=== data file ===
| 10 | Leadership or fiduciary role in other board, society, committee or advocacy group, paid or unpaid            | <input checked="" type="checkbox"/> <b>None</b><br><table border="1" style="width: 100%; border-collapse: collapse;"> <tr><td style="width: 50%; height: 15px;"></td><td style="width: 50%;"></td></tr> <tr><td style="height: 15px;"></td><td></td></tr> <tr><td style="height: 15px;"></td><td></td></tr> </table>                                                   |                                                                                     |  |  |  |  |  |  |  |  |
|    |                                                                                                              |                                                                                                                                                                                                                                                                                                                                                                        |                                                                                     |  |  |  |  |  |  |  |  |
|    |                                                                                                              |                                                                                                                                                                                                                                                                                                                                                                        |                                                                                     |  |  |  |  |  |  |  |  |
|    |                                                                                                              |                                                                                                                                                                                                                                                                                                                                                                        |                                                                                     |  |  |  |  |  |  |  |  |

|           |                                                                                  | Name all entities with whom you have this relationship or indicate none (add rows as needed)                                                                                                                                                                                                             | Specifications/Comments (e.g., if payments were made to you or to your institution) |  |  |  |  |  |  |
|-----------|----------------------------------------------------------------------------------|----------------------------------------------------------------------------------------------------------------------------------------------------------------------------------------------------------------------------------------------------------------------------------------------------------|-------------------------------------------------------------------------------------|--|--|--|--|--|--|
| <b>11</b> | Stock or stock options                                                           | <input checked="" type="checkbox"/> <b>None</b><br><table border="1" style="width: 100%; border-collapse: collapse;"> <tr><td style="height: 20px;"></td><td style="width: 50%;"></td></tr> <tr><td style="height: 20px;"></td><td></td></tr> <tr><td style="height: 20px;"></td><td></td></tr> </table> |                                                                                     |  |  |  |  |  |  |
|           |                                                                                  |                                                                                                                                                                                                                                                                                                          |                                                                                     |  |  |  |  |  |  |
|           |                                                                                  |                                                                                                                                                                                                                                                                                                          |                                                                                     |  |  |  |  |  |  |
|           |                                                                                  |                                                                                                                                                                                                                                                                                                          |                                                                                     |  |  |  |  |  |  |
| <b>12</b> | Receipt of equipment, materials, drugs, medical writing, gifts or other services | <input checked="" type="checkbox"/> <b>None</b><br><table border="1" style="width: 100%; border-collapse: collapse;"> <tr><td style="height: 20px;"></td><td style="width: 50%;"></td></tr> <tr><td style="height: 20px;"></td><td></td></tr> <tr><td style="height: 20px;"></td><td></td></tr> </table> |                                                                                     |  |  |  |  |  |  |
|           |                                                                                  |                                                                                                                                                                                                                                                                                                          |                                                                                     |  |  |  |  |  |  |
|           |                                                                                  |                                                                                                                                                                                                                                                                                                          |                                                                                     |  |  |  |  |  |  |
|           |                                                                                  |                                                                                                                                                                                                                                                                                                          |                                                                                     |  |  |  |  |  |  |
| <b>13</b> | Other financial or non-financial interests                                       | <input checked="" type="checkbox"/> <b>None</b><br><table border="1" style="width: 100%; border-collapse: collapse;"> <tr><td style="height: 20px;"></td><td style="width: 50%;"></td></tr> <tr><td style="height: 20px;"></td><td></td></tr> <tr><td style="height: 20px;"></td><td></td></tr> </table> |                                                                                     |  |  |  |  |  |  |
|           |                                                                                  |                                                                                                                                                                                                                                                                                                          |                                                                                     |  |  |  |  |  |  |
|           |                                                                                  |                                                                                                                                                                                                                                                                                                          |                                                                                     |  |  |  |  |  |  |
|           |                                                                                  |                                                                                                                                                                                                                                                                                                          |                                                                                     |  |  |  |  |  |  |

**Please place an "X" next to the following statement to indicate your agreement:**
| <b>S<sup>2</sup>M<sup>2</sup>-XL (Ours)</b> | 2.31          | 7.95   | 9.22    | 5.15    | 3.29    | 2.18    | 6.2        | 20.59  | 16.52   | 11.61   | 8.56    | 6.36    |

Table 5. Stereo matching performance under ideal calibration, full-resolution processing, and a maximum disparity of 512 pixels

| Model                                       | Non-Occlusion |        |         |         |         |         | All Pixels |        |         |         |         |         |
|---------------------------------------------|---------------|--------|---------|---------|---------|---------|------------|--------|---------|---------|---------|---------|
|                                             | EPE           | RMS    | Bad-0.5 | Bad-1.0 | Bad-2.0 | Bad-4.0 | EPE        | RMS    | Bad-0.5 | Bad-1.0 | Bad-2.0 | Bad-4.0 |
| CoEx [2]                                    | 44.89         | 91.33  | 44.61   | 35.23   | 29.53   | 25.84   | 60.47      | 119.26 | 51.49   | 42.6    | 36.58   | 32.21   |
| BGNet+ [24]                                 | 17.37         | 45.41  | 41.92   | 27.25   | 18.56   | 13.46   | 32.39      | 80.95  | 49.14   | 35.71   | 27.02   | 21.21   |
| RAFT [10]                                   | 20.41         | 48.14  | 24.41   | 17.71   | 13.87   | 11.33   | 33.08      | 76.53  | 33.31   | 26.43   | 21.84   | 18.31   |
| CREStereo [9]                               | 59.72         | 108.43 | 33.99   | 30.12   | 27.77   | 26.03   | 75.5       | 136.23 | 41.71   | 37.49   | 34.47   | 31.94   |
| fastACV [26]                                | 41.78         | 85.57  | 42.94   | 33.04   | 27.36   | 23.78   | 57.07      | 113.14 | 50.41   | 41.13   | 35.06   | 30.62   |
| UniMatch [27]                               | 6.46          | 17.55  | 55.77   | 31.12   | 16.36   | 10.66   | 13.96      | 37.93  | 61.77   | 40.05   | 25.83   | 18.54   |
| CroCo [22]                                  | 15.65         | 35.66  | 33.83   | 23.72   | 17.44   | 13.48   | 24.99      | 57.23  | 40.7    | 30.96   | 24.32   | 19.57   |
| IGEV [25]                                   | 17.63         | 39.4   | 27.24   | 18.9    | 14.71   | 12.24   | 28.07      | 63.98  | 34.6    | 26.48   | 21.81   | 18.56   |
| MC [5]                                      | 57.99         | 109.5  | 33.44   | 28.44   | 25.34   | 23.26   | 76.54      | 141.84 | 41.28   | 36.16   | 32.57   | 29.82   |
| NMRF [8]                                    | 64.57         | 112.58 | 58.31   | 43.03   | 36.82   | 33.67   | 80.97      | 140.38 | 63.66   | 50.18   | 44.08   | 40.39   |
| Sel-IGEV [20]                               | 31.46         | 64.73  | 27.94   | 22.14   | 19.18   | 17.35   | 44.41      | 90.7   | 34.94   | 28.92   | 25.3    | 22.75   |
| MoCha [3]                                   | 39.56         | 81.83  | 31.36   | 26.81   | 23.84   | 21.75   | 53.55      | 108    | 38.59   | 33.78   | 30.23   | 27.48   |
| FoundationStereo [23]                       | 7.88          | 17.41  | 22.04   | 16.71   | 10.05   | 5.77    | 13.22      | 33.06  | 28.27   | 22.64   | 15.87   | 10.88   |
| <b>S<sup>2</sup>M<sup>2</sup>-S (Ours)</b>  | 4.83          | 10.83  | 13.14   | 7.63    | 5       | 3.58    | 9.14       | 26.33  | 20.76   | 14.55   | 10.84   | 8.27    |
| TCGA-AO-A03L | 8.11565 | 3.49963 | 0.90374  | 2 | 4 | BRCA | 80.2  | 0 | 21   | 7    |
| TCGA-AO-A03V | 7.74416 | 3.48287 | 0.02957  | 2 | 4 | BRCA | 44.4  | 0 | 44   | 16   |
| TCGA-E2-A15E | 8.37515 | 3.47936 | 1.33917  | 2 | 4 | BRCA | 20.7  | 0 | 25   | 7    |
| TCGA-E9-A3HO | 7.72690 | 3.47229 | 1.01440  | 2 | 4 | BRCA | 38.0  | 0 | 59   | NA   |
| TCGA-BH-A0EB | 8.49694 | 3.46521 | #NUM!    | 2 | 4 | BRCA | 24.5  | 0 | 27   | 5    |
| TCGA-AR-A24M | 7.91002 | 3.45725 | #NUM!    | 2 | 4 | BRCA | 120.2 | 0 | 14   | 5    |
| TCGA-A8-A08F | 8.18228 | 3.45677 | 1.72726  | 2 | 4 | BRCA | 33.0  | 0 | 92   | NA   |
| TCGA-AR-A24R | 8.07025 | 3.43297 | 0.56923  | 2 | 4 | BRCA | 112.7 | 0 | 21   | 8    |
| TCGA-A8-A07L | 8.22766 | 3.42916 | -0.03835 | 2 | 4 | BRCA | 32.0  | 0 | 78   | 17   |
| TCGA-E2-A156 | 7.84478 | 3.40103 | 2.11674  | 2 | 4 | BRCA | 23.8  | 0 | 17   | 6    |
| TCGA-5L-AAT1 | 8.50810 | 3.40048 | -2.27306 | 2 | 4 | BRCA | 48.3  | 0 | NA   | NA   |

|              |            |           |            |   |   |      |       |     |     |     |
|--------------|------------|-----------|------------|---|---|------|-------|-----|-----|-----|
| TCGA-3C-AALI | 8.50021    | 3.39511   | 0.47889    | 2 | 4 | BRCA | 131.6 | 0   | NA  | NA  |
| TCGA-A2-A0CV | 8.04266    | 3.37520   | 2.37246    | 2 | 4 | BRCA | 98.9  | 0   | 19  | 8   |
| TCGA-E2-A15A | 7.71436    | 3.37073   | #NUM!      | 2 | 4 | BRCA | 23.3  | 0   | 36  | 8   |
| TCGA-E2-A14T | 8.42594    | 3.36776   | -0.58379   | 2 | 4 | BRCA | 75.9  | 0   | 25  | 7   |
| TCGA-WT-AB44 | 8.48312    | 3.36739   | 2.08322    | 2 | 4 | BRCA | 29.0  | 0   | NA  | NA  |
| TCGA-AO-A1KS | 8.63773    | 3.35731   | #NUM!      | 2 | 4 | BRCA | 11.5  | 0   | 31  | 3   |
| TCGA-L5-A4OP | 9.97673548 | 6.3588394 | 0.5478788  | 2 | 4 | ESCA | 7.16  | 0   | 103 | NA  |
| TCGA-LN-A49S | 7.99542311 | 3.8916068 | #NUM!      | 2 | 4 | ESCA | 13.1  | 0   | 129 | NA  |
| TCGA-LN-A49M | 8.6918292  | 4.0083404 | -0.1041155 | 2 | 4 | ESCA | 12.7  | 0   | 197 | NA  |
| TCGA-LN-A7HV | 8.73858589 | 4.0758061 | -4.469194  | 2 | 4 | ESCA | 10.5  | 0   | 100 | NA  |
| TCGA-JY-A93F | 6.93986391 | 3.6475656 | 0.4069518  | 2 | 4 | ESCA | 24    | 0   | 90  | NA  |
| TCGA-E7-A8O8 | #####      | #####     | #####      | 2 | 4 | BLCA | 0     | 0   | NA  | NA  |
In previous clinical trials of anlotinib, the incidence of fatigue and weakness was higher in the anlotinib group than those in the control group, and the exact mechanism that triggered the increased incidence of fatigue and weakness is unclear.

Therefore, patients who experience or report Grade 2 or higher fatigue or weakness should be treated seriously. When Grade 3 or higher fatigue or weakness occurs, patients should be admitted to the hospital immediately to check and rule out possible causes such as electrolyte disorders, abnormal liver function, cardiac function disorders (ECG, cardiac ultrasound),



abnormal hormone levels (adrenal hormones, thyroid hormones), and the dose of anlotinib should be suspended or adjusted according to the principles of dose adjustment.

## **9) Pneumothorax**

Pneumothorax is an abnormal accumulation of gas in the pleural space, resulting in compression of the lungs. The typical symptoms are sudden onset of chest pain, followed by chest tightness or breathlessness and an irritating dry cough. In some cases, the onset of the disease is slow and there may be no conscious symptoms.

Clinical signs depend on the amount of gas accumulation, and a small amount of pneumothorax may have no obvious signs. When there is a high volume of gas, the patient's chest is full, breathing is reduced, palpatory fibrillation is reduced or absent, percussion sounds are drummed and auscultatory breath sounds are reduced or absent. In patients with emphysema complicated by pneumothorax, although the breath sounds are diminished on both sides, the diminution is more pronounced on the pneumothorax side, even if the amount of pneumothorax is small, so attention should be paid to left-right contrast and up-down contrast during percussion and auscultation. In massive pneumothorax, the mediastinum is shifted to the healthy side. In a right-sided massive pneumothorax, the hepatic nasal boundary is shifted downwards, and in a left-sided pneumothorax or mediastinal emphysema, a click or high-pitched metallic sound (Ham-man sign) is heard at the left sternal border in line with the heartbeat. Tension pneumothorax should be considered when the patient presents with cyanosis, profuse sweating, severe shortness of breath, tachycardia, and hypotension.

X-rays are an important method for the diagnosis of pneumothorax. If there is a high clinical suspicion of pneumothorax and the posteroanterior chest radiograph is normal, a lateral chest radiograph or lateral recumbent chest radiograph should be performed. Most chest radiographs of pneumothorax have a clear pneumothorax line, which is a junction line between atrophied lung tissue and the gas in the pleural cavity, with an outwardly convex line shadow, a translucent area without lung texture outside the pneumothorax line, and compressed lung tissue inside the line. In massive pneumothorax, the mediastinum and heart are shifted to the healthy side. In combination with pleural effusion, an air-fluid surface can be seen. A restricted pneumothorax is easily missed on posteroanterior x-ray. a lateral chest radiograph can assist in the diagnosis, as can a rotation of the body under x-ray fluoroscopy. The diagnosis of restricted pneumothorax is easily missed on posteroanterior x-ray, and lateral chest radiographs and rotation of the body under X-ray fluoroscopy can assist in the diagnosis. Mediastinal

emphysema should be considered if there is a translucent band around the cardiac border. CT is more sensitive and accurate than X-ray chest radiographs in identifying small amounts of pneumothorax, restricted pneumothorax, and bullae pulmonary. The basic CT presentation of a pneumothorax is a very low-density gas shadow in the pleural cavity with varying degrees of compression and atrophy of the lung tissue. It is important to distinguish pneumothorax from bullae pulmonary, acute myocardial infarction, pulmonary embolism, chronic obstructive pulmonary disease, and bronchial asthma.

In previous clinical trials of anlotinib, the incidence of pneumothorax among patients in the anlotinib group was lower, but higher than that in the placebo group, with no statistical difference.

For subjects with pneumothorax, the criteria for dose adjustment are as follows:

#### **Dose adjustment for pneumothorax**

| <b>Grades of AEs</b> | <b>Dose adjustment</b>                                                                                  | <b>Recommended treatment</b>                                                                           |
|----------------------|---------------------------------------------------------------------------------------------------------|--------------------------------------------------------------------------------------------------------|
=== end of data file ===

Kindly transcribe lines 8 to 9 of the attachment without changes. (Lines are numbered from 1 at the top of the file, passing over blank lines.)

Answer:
|           |                                                                                  |                                                                                                                                                                                                                                                                                                          |                                                                                     |  |  |  |  |  |  |
|           |                                                                                  |                                                                                                                                                                                                                                                                                                          |                                                                                     |  |  |  |  |  |  |